Irreversibility is integral to engineering because it helps identify inefficiencies in processes and systems. Knowing where energy is lost enables engineers to design systems that maximise efficiency and minimise waste.

- Energy Production: Irreversibility aids in understanding potential energy losses and inefficiencies in production systems.
- Manufacturing Processes: Irreversibility analysis helps in redesigning manufacturing methods to conserve resources.
- Waste Management: Understanding irreversibility can lead to more effective disposal and recycling systems.

The understanding of irreversibility has been instrumental in the evolution of cars, refrigeration systems, electricity production, and more.

Area | Application |

Automotive Engineering | Reducing irreversibility in car engines to boost fuel efficiency. |

Thermal Engineering | Designing better insulation to reduce heat loss and thus, reducing other irreversible processes. |

Electrical Engineering | Minimizing energy loss in transmission lines through material selection and design. |

Your study and understanding of irreversibility in engineering will equip you to design better, more efficient systems and processes, on small and large scales alike. Remember, a good engineer always remembers - nothing is without loss, and it's your duty to minimize it.

The term **Irreversibility** holds far-reaching implications in the realm of thermodynamics. This distinguished class of processes, interwoven with the second law of thermodynamics, marks the irreversible direction of natural processes and propagates on the principles of energy transference and loss. Cycle efficiencies and Carnot's theorem frequently emerge from the womb of irreversibility, placing this concept at the heart of the efficiency calculations.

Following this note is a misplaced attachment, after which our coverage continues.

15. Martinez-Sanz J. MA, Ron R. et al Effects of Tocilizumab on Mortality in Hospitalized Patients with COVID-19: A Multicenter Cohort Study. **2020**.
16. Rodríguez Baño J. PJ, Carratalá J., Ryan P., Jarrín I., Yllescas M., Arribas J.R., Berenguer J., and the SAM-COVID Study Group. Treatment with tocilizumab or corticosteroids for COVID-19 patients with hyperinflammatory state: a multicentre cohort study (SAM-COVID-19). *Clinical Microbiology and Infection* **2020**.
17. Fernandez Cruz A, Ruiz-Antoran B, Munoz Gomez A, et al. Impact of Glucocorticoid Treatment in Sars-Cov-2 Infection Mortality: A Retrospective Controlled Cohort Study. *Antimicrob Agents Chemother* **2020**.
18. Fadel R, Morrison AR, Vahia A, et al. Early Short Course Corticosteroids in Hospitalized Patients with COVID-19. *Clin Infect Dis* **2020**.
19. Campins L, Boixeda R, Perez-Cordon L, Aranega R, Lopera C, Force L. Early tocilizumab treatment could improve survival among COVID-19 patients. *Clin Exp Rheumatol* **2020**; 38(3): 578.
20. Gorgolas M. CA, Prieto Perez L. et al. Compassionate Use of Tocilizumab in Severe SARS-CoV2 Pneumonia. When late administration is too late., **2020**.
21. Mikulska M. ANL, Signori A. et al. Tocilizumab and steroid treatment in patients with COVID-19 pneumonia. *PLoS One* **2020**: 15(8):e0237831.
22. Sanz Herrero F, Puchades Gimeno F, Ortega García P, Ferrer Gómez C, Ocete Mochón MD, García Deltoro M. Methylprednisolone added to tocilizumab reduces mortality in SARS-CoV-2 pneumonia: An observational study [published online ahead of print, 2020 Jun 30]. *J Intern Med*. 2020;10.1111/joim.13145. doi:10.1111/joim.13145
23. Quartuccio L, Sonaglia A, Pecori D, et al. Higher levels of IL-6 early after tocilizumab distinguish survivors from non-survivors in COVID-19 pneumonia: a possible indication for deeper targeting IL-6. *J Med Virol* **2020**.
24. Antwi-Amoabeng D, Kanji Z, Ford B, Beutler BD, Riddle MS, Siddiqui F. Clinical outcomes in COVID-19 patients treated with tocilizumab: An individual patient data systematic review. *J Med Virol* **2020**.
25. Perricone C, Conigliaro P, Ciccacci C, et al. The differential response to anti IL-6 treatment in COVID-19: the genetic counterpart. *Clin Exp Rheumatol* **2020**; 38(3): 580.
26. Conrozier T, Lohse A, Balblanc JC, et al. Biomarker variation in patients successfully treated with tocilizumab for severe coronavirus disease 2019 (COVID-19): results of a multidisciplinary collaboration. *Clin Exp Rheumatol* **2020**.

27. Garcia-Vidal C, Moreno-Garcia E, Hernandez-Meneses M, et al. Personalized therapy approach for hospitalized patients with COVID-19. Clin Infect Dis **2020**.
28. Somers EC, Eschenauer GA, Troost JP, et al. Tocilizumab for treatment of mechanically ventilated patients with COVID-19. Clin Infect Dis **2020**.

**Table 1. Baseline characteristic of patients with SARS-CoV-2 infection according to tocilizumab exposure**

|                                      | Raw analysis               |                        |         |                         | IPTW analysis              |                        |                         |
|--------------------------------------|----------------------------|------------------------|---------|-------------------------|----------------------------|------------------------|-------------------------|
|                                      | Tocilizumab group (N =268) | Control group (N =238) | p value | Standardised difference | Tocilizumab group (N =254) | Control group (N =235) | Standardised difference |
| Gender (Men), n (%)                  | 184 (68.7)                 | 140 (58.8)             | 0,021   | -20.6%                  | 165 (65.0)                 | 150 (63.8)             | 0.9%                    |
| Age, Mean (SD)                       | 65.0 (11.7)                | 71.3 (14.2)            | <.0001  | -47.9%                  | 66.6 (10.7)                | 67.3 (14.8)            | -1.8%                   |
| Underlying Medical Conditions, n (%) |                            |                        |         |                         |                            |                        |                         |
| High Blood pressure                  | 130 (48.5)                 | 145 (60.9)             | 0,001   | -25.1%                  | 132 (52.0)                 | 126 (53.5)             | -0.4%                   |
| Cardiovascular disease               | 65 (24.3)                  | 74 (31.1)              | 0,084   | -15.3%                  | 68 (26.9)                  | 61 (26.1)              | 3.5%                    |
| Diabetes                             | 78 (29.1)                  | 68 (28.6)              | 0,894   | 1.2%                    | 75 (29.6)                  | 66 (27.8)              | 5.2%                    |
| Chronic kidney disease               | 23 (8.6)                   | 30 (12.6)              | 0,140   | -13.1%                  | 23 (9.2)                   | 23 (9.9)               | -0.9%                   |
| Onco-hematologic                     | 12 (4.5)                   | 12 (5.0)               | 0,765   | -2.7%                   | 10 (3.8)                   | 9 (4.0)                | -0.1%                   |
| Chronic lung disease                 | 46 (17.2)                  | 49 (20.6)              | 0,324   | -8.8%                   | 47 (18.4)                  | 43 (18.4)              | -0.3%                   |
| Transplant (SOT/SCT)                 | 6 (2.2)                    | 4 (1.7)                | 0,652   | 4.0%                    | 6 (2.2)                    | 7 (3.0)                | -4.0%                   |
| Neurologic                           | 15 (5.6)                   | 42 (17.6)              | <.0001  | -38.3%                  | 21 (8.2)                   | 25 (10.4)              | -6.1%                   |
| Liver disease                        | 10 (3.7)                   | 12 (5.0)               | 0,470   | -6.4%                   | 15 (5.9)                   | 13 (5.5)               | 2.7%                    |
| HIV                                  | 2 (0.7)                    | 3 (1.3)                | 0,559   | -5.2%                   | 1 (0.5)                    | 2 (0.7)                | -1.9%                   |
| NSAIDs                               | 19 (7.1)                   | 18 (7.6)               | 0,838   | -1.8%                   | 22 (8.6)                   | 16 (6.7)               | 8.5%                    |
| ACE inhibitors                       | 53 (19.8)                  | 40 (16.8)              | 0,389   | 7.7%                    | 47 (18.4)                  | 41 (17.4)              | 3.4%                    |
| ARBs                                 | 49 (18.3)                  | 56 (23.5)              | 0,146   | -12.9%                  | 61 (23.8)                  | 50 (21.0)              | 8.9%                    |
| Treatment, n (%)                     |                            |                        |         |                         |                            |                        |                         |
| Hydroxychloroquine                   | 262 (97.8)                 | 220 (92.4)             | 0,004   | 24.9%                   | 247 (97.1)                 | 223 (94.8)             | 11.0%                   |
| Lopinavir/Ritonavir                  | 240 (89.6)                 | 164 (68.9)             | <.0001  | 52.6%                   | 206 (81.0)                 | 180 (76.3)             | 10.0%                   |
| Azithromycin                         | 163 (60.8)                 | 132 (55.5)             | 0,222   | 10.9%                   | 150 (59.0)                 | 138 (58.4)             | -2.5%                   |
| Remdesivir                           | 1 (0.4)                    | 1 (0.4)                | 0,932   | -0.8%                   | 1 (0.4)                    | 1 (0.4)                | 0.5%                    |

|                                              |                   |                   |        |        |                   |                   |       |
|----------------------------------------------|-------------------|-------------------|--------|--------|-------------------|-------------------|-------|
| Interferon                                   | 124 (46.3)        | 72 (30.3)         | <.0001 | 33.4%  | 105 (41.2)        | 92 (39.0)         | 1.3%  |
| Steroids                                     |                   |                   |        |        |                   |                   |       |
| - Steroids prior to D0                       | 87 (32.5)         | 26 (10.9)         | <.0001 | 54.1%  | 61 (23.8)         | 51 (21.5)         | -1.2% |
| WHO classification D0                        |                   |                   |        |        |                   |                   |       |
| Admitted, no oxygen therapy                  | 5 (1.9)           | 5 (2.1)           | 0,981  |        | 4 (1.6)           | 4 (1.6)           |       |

Irreversibility embraces prime importance in thermodynamics, zeroing in on the inherent directionality of energy flow and the innate propensity towards balance. Its role extends far beyond theory, as syphoning the signs of irreversibility forms a cornerstone for efficient engineering designs and more refined mathematical modelling of physical systems.

Peering into the mechanics of irreversible processes immediately brings into light the essence of entropy. The irreversible alteration of entropy, measured using Clausius Inequality is expressed as:

\[ \int \frac{\delta Q_{rev}}{T} \leq 0 \]The inequality encapsulates the entropy change in a system, where "\( \delta Q_{rev} \)" denotes the heat gained or lost in a reversible process and "T" indicates the temperature at which the process occurs. This fundamental thermodynamical truth provides an inkling of the degradation factor of energy and its propagative flow towards equilibrium.

Ascertaining and mastering the irreversibility of a process assist in:

- Identifying energy losses and inefficiencies.